Appeal launched over refusal of plans to increase rooms at Wrexham HMO
An appeal has been launched after a bid to increase the number of bedrooms at a house in multiple occupation (HMO) near Wrexham town centre was turned down.
Landlord Arran Pritchard applied to Wrexham Council in January to up the amount of bedrooms at a property on Poplar Road from six to seven.
However, the local authority issued a decision to reject the proposals after planning officers said there were not enough parking spaces outside.
Mr Pritchard has now submitted an appeal to the Planning Inspectorate in an attempt to have the outcome overturned.
In documents entered to support his case, he claimed most people living in HMOs don’t own a car, meaning the small increase would not cause a problem.
Highlighting a survey of the number of vehicles owned by tenants across the 23 properties he lets in the town, he said: “Here attached are two “vehicles per room” assessments, conducted in September 2015 and May 2016.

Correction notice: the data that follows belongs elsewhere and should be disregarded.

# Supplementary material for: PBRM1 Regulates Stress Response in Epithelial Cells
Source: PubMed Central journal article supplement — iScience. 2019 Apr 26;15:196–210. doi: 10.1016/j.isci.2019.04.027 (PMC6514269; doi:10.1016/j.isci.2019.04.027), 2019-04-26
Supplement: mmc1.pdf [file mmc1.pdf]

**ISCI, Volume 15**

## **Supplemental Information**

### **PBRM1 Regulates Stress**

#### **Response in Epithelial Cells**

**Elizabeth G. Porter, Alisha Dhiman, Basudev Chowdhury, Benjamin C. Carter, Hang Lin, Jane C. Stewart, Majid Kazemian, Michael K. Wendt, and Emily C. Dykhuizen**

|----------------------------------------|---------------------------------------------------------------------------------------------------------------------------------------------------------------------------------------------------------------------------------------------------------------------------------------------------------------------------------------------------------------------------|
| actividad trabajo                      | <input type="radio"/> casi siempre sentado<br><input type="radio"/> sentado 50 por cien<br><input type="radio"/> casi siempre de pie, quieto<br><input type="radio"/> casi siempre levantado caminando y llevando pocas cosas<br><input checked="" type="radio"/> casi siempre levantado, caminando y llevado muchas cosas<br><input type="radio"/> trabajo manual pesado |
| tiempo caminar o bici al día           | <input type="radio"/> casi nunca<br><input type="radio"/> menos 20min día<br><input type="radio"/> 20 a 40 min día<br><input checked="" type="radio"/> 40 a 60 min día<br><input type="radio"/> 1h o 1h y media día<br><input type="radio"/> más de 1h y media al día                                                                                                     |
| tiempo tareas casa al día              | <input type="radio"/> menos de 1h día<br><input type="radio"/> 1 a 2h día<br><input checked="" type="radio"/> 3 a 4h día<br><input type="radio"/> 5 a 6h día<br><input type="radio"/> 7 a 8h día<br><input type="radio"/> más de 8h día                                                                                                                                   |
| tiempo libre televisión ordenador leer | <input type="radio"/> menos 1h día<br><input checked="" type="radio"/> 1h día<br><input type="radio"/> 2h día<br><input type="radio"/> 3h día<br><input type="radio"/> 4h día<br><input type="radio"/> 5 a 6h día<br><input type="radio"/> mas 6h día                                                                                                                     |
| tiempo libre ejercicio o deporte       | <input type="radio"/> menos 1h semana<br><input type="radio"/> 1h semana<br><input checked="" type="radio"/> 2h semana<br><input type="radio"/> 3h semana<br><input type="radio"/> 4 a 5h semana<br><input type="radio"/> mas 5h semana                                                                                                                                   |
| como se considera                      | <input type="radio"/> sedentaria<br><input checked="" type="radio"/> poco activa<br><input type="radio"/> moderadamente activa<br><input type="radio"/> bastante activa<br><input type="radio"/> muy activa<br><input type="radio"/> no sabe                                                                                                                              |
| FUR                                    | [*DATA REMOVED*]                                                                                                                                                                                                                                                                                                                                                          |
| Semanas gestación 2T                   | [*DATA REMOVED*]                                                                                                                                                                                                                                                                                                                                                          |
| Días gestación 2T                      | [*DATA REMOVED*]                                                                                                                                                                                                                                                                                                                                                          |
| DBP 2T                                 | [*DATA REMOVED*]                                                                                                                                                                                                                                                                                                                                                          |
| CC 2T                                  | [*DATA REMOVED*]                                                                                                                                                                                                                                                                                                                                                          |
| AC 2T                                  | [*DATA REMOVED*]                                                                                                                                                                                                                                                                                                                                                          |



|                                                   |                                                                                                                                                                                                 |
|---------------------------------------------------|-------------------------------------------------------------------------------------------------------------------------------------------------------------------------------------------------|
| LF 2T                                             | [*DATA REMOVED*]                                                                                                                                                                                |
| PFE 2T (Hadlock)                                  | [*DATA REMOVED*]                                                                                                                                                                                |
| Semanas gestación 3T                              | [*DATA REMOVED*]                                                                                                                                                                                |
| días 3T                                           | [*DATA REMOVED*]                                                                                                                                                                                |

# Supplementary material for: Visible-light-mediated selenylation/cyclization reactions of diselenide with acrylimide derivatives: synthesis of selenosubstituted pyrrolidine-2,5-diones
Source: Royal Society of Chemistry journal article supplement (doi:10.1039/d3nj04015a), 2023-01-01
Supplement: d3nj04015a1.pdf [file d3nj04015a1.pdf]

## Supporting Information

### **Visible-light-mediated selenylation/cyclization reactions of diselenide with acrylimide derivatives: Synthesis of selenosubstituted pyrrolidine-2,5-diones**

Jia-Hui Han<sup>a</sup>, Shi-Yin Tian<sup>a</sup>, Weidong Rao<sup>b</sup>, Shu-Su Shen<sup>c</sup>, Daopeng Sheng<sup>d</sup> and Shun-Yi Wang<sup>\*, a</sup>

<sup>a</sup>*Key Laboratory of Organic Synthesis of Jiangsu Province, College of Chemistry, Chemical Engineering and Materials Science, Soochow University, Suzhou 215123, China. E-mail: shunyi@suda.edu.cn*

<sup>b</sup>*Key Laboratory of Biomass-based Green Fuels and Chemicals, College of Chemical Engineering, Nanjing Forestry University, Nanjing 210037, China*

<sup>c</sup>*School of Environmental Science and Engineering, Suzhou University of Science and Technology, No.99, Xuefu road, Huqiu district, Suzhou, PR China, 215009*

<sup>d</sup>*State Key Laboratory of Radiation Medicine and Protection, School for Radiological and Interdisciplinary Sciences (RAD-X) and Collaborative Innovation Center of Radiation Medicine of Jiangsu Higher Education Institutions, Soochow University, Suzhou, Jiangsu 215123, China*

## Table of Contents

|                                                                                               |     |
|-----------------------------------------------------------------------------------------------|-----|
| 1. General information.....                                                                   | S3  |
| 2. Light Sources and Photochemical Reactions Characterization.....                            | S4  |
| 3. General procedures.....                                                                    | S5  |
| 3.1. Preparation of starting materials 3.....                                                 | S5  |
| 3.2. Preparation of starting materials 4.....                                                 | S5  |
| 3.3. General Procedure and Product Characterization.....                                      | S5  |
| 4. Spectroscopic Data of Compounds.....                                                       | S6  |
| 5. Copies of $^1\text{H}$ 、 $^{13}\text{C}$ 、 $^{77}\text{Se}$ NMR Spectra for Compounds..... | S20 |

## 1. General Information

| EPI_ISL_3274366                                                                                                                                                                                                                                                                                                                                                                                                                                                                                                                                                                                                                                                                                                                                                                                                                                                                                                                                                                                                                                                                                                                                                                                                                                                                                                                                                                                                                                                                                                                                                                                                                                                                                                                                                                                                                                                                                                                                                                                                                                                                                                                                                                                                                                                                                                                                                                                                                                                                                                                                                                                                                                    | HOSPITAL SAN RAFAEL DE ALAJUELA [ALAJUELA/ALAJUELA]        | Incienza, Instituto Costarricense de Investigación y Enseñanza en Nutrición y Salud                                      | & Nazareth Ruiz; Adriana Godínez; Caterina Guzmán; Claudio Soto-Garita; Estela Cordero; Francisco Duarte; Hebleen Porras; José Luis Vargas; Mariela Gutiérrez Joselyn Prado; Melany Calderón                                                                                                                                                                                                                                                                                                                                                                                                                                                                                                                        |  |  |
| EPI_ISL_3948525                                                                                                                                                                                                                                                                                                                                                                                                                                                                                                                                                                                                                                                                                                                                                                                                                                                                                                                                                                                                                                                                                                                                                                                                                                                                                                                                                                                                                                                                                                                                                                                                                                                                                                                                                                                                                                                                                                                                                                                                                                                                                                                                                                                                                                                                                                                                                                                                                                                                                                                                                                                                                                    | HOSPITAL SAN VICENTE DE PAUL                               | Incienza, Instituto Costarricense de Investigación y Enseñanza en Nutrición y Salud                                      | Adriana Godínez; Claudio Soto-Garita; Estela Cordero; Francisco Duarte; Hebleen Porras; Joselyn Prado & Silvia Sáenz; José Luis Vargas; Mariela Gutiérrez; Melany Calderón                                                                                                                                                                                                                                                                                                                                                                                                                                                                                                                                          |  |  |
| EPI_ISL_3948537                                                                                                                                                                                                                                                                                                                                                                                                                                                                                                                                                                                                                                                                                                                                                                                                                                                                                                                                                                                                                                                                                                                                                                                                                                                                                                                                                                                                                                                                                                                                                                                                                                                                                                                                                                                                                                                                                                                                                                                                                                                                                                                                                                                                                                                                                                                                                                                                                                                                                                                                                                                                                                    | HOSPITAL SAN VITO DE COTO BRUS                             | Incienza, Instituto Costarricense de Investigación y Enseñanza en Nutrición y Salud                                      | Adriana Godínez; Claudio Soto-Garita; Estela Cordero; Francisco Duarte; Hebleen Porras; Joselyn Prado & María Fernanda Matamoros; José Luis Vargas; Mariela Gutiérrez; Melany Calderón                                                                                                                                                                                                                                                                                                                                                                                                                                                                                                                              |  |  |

“They show that for 146 rooms/ occupants, there are just 17 to 25 occupants with vehicles, or one vehicle for every five rooms.
“This is largely due to all the rooms being in the town centre and tenants generally not being able to afford a vehicle.
“The planning application is to increase the number of rooms by the minimum possible, from six rooms to seven rooms. A comparable planning application, refusal, and successful appeal is the planning case for 33 Park Street, Wrexham.”
Mr Pritchard previously attempted to increase the total number of bedrooms at the property to eight but permission was denied on similar grounds.
Despite appealing the decision on the original application, a planning inspector appointed by the Welsh Government agreed with the council’s views.
In her decision notice, Siân Worden said she felt the proposals would impact on the safety of drivers at a busy junction.
She said: “The appeal property is in a busy area where there are widespread parking restrictions and many of the dwellings do not have off-street parking. There thus appears to be a high demand for on-street spaces.
“The proposed development would result in a small increase in the number of vehicles requiring parking spaces in the vicinity.
“Even so, it would increase the hazard on the local road network, and reduce its efficient use, by resulting in more drivers searching for a parking space.”
Mr Pritchard’s latest appeal will considered at a future date.
By Liam Randall – BBC Local Democracy Reporter (more here on the LDR scheme).
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